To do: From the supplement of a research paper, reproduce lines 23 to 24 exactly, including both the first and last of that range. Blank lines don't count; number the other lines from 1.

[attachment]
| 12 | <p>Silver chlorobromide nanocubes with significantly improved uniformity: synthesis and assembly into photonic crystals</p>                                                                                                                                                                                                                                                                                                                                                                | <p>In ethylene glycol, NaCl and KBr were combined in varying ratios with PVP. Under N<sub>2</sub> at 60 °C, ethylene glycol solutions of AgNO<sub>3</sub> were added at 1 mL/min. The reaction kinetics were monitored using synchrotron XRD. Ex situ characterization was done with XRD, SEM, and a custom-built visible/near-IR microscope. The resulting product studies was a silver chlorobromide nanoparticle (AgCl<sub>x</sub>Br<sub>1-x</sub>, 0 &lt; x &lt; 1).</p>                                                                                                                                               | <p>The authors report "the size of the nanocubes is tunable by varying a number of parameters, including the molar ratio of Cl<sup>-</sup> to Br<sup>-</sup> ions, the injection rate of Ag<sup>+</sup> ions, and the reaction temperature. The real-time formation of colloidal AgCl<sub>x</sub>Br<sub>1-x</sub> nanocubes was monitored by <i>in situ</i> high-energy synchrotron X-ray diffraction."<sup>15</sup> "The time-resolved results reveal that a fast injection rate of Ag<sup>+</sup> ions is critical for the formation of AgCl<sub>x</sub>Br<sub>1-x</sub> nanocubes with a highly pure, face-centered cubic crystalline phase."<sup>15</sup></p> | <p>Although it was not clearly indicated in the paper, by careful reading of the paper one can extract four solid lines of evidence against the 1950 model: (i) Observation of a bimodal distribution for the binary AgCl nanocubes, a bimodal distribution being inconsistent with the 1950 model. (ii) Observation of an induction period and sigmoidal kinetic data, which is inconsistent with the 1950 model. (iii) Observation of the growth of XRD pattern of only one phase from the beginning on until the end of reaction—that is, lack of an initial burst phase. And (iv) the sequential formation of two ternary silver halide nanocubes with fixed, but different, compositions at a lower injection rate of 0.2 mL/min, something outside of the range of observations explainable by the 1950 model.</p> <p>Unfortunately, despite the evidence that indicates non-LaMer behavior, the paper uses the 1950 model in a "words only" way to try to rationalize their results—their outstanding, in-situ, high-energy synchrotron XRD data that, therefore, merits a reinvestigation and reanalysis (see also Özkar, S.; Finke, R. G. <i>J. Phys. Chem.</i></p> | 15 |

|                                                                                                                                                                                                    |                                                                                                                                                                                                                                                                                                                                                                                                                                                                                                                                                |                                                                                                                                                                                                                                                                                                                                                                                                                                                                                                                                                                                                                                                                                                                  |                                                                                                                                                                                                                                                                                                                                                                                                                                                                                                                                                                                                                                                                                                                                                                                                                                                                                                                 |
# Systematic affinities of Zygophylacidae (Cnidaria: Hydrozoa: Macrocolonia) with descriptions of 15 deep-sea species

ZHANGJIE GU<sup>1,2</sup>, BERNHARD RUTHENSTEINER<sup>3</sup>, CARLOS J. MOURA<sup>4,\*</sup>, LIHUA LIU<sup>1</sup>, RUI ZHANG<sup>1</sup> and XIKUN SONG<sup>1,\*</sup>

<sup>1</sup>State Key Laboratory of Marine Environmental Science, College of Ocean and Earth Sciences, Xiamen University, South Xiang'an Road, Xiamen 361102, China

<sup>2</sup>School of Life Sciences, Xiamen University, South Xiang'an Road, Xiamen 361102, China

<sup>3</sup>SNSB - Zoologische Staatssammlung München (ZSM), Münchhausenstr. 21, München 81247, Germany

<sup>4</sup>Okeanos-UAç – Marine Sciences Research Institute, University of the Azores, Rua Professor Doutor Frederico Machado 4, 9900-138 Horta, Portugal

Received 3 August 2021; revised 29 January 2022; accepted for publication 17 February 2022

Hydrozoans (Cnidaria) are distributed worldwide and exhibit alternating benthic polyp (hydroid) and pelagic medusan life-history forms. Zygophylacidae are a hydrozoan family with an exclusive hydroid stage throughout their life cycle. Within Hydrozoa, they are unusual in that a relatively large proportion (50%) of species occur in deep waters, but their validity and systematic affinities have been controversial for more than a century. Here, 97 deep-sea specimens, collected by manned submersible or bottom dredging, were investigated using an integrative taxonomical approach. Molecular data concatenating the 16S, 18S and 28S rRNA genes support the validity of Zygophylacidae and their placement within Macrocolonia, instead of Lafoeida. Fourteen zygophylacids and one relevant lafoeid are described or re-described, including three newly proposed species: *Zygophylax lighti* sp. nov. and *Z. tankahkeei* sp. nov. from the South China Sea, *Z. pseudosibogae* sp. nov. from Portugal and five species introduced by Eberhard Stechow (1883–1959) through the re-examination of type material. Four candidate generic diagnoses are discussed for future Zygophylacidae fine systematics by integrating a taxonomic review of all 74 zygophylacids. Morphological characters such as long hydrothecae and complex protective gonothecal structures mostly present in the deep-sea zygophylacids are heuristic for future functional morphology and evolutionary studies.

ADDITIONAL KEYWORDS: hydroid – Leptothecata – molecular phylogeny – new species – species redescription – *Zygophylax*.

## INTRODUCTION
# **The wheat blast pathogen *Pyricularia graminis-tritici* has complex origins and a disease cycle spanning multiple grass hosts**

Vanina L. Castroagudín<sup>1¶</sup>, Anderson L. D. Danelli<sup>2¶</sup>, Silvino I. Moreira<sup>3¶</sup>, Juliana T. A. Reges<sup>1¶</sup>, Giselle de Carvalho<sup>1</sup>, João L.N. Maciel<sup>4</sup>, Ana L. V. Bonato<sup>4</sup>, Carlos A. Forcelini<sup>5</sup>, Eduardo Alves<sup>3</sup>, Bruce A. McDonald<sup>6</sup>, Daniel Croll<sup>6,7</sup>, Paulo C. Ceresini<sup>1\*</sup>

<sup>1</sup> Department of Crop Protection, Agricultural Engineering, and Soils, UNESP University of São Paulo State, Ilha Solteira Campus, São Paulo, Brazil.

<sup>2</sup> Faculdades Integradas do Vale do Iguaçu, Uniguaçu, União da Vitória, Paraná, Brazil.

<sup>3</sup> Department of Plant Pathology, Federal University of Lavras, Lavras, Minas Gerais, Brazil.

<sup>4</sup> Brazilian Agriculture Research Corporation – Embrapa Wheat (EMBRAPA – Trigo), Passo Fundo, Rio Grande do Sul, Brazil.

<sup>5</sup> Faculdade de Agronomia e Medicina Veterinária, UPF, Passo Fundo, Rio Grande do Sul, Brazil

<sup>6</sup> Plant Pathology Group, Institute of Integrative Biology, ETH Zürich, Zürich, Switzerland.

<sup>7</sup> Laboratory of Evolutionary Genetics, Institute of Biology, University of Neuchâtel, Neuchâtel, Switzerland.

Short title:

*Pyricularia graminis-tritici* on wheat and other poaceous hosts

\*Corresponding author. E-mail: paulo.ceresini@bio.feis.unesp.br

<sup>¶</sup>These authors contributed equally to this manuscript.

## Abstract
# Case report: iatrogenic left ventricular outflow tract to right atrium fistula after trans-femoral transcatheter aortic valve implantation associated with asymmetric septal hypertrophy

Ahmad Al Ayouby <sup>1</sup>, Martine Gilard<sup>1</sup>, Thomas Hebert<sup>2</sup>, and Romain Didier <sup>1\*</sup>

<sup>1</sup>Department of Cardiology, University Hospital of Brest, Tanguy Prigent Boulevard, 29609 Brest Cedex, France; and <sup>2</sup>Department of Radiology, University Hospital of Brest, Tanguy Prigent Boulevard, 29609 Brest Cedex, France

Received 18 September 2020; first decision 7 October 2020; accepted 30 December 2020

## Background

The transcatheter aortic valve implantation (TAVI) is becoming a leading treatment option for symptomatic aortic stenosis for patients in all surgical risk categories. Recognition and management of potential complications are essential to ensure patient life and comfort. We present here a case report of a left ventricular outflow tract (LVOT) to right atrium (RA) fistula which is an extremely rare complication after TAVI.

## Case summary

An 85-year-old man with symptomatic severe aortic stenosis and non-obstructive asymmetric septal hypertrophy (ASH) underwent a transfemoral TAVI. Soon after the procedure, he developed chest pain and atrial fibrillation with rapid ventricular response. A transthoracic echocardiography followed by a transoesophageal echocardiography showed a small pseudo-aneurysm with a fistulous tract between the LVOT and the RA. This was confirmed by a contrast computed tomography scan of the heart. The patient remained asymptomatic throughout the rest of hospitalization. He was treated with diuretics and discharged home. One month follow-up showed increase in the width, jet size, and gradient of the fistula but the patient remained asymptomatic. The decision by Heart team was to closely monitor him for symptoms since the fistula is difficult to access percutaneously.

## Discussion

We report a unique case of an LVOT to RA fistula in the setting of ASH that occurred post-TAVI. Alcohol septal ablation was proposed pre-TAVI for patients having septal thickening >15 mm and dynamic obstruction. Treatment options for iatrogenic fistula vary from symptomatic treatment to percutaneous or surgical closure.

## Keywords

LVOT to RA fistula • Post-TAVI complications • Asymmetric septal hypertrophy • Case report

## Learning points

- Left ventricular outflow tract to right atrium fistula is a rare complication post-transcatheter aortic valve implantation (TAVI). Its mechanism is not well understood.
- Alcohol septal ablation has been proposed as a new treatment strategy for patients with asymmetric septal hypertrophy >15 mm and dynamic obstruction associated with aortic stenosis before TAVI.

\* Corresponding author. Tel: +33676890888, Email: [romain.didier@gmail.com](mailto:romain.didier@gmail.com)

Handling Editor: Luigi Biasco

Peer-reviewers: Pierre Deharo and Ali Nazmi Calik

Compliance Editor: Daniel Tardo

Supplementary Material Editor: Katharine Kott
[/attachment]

*Pyricularia graminis-tritici* on wheat and other poaceous hosts

\*Corresponding author. E-mail: paulo.ceresini@bio.feis.unesp.br